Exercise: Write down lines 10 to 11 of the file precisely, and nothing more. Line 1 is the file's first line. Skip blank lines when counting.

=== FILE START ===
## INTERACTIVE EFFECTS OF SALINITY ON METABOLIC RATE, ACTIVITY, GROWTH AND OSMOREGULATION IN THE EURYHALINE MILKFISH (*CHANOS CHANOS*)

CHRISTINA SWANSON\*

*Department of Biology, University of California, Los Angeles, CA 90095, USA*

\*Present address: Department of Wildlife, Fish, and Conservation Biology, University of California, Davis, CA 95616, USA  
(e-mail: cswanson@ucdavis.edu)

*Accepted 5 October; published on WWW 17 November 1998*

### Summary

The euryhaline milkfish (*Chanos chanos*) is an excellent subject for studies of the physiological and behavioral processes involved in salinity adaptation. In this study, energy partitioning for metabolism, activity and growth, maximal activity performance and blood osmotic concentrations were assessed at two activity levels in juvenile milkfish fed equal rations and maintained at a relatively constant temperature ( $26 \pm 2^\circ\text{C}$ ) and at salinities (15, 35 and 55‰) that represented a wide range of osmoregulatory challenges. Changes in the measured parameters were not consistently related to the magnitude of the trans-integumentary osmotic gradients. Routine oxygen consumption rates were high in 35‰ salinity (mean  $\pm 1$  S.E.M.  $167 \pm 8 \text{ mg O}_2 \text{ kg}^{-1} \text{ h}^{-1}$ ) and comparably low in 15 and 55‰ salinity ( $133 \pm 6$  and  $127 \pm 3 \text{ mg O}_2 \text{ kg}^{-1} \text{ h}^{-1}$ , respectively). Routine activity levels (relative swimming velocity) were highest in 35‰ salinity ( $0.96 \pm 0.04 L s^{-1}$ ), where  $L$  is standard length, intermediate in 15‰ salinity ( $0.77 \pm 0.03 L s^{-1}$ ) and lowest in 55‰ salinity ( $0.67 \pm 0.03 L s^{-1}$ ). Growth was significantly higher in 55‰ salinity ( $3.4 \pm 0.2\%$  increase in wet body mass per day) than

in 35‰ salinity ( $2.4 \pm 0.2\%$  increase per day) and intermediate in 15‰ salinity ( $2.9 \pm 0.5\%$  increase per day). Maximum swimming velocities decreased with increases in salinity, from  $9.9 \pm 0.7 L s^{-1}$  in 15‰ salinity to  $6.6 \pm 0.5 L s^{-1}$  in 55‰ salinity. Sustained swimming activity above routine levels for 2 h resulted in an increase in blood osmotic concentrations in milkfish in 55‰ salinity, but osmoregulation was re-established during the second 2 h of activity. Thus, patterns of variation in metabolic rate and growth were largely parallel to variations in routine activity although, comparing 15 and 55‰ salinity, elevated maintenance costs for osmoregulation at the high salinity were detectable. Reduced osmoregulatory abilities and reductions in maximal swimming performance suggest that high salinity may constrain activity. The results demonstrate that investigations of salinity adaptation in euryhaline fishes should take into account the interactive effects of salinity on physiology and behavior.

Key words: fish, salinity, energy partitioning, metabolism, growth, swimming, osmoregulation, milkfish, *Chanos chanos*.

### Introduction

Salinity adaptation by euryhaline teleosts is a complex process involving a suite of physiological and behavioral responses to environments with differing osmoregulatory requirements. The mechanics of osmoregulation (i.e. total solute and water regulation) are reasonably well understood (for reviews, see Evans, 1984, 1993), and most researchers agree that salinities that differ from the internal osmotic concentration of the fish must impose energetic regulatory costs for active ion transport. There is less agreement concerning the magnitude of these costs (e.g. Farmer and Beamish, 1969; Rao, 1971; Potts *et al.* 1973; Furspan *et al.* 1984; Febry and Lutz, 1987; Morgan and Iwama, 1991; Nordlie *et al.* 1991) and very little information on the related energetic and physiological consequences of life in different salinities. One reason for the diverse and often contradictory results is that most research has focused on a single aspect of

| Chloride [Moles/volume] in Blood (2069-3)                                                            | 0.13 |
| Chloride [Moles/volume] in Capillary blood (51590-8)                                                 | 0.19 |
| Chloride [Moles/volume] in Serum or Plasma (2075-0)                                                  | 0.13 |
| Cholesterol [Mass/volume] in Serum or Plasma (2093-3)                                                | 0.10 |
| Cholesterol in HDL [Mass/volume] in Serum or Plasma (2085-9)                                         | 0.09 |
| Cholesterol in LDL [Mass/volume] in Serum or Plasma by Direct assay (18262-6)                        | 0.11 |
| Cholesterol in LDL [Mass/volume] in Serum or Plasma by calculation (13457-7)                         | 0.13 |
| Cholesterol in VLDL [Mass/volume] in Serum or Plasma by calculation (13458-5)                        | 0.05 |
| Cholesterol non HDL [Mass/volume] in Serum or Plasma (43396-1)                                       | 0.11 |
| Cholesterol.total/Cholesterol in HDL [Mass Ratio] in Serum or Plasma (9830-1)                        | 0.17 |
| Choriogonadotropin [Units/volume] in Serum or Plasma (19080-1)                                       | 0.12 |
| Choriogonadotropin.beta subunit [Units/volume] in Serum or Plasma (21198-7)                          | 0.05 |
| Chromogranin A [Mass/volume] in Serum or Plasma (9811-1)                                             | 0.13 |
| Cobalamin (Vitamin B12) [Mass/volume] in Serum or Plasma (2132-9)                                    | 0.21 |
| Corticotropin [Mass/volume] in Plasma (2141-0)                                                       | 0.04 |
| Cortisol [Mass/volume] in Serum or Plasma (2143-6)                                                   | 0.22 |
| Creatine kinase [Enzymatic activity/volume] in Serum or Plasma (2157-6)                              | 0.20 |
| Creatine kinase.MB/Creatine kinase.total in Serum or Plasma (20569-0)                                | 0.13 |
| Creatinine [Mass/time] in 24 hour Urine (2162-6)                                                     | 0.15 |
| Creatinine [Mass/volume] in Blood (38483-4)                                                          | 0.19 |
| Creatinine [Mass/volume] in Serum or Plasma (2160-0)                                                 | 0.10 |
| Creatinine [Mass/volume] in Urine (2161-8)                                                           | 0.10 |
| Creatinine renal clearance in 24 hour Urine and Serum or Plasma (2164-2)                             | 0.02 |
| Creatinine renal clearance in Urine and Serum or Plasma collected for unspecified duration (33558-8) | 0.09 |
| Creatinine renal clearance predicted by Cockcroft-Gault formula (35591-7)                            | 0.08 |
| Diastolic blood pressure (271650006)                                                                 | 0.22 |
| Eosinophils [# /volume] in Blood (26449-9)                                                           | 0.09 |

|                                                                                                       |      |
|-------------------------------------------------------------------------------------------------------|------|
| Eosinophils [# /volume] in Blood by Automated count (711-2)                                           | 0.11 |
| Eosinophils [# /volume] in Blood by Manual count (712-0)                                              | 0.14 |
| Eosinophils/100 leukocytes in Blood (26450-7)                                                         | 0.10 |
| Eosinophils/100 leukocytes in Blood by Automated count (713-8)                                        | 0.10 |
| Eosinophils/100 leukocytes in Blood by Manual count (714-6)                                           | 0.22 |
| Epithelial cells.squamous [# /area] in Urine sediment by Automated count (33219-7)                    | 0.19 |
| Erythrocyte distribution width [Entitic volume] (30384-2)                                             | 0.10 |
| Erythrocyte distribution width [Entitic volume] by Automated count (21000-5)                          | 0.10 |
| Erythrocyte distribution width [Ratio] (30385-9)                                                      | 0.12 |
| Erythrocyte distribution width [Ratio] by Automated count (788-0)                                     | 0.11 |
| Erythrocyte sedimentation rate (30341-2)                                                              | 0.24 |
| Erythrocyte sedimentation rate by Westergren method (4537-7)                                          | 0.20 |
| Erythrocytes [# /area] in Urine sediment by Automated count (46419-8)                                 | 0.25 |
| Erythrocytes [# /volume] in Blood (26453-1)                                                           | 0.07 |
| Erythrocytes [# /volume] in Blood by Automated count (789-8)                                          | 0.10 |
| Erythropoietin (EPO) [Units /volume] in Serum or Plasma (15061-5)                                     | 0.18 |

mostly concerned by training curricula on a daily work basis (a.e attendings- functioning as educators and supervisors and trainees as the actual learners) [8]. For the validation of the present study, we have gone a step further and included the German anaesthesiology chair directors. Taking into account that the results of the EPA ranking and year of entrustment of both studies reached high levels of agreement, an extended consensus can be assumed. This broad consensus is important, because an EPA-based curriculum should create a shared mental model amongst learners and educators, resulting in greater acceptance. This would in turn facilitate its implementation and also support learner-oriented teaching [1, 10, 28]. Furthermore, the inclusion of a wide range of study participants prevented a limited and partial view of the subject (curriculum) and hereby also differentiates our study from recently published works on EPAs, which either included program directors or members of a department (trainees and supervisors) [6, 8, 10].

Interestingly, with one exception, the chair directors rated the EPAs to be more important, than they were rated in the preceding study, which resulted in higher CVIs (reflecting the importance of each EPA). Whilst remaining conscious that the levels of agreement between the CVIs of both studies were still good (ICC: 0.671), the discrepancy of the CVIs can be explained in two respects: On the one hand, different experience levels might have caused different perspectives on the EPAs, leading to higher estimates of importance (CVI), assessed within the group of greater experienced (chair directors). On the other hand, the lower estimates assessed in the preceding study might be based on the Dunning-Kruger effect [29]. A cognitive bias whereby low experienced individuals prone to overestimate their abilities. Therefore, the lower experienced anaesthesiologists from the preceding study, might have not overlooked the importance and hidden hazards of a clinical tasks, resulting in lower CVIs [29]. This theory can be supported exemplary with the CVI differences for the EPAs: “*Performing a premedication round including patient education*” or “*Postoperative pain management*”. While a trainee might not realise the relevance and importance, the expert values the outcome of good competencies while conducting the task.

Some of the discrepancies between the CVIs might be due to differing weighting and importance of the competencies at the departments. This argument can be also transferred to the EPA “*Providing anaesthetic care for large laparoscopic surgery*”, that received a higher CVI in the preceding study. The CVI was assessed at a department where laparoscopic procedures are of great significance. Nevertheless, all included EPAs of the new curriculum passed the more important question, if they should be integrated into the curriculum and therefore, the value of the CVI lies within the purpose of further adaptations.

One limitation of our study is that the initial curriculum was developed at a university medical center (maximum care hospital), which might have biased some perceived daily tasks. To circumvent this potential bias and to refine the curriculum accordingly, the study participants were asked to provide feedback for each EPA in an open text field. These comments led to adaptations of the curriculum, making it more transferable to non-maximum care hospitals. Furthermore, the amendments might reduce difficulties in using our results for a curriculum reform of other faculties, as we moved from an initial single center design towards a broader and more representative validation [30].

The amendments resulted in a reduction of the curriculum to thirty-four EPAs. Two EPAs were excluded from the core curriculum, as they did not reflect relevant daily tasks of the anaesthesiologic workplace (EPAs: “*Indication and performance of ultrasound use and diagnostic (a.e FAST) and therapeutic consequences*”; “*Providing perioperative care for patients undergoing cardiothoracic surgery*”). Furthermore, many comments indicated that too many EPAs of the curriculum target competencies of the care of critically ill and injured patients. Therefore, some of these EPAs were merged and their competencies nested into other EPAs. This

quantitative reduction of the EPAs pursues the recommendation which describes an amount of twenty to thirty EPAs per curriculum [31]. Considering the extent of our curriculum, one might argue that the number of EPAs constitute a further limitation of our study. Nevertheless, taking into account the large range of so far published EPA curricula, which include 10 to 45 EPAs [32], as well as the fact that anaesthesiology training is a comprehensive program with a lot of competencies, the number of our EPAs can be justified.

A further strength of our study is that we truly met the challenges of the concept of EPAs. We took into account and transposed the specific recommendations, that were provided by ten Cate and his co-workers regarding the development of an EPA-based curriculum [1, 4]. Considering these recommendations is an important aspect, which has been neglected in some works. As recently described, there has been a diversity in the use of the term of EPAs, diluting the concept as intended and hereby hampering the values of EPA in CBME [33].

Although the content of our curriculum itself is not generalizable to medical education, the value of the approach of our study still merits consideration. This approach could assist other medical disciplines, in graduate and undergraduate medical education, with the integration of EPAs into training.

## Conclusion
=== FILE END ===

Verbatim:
Key words: fish, salinity, energy partitioning, metabolism, growth, swimming, osmoregulation, milkfish, *Chanos chanos*.

### Introduction